Fruit: Apples. 100% organically grown apples of the Bisquet, Joly Rouge, Douce Coet and Binet Rouge variety.

Makers Fruit Notes: The apples and the techniques used to make the cider are in conformity with American standards relating to organic agriculture, “N.O.P. Organic”. The apples are entirely untreated.

Note: Domaine Dupont labels each bottling with vintage year.

Makers Notes on Terrior:

www.calvados-dupont.com/en/orchards

The poor soils of the Pays d’Auge region, consisting of marl and chalky marl of the Oxfordian (secondary era) limit the growth of the trees and this leads to the production of small apples. The aromatic intensity is thereby increased and the ratio of skin to pulp helps to favour the extraction of tannins. Nitrogenous fertilisers (which swell the fruit by water retention) are not used – giving priority to quality rather than yield.

From Wikipedia:

Marl: Marl or marlstone is a calcium carbonate or lime-rich mud or mudstone which contains variable amounts of clays and silt. The dominant carbonate mineral in most marls is calcite, but other carbonate minerals such as aragonitedolomite, and siderite may be present. Marl was originally an old term loosely applied to a variety of materials, most of which occur as loose, earthy deposits consisting chiefly of an intimate mixture of clay and calcium carbonate, formed under freshwater conditions; specifically an earthy substance containing 35–65% clay and 65-35% carbonate.[1]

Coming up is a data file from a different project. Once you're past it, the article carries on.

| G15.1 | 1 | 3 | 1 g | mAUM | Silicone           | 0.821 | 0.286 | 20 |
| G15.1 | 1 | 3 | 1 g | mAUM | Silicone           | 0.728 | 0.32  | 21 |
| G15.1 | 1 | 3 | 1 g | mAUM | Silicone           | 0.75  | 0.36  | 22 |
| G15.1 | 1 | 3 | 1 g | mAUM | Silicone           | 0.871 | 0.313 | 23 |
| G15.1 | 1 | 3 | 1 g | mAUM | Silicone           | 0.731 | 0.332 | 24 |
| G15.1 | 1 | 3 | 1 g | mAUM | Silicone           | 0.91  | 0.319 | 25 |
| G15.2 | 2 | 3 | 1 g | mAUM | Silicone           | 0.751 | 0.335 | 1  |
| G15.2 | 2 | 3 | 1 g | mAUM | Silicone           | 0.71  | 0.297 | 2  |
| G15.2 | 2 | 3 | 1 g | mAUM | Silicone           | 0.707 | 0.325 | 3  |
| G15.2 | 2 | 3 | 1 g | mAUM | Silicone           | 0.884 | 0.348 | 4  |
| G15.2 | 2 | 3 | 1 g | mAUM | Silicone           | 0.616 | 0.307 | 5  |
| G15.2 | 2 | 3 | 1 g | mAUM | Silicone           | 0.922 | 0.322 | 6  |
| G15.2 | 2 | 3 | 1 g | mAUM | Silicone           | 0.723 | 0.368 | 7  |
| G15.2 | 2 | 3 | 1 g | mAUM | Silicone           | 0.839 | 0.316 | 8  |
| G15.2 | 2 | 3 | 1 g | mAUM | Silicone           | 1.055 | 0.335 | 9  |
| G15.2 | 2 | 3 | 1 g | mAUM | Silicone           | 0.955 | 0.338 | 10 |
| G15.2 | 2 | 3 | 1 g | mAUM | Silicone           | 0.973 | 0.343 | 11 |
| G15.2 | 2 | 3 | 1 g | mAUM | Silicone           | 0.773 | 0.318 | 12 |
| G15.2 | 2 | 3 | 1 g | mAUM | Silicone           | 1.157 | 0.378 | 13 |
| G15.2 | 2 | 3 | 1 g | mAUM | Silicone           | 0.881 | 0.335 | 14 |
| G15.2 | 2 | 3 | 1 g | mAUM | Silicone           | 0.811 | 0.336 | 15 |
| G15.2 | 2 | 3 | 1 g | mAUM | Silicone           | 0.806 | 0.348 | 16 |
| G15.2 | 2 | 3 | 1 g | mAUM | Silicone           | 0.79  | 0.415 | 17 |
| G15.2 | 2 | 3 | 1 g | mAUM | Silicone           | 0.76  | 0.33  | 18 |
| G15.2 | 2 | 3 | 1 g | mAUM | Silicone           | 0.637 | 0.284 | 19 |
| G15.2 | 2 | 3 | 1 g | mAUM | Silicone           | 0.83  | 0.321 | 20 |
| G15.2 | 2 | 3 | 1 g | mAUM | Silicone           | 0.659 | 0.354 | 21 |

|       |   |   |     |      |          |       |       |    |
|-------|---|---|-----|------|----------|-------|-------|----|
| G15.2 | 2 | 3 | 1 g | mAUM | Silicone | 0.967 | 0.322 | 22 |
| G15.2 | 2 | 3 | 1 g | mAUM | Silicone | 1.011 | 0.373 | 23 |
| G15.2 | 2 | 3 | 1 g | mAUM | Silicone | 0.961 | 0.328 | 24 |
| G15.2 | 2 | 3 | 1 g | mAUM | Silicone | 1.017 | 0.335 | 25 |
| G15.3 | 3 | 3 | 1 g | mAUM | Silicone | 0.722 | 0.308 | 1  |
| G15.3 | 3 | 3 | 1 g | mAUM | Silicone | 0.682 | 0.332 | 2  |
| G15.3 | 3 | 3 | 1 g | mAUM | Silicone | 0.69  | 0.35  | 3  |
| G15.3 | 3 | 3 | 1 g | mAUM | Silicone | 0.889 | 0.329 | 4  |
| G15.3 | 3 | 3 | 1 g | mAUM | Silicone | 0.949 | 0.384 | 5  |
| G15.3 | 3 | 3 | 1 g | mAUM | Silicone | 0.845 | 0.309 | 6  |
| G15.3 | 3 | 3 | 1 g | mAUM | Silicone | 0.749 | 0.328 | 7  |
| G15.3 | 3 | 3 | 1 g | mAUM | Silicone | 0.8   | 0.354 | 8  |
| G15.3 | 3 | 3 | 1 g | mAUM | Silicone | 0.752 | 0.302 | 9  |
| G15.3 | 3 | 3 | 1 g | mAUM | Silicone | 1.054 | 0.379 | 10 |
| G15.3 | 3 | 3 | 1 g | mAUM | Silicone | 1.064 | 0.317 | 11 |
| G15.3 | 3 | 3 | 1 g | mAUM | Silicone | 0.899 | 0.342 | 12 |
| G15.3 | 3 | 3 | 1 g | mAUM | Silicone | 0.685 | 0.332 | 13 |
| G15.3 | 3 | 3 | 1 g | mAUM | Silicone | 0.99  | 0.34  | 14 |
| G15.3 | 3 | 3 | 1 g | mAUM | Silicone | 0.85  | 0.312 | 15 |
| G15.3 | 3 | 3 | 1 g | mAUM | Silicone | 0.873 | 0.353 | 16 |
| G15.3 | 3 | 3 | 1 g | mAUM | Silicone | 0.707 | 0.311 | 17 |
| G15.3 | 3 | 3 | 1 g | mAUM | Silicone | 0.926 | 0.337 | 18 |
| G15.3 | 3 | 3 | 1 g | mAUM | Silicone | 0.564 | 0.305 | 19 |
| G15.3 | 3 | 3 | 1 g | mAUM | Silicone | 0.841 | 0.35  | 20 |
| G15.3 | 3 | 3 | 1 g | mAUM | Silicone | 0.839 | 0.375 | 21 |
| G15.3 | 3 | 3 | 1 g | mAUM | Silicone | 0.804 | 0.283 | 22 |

1. Pettijohn (1957), p. 410.

If you have tasting notes to add please leave a comment.

Petites pommes, gros cidre.

According to the experts at the 1911 Encyclopedia Britannica

As a rule the best cider apples are of small size. “Petites pommes, gros cidre,” say the French.

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Cider Review: Wandering Aengus Ciderworks WANDERLUST: Cider52

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Cider: Wandering Aengus Ciderworks WANDERLUST

Maker: Wandering Aengus Ciderworks

Origin: Salem, Oregon

website: www.wanderingaengus.com

ABV: 7.5 %   Bottle: Available in 16.9 oz crown cap bottles, and on draft.

Makers Style Notes: Semi-Dry and tart with a “warm ginger tone”.

Fruit: Apple. From orchards in Hood River & Culver, Oregon.

Makers Fruit Notes:

At Wandering Aengus Ciderworks we press and blend over 20 cider apple varietals to craft our ciders. Our cider specific apples originate from France, England, and pre-prohibition America, but are grown now in Oregon. These heirloom varieties are essential for the depth of flavor, excellent body, and delightful aromatics of our distinctive ciders.”

Tasting Notes: Wandering Aengus Ciderworks WANDERLUST: (2) separate tastings:

In The Glass: On First Pour: Color & Clarity: Radiant brass, bright, shining and clear with clusters of varied bubbles and slight tears.

Aroma: Intense upfront aromas of ‘real’ sugars, suggesting cloying sweetness, followed by cooked apple, maple, honey, toffee, black pepper and hints of orchard. Retro-nasally (aroma on exhale) there are floral-lily notes.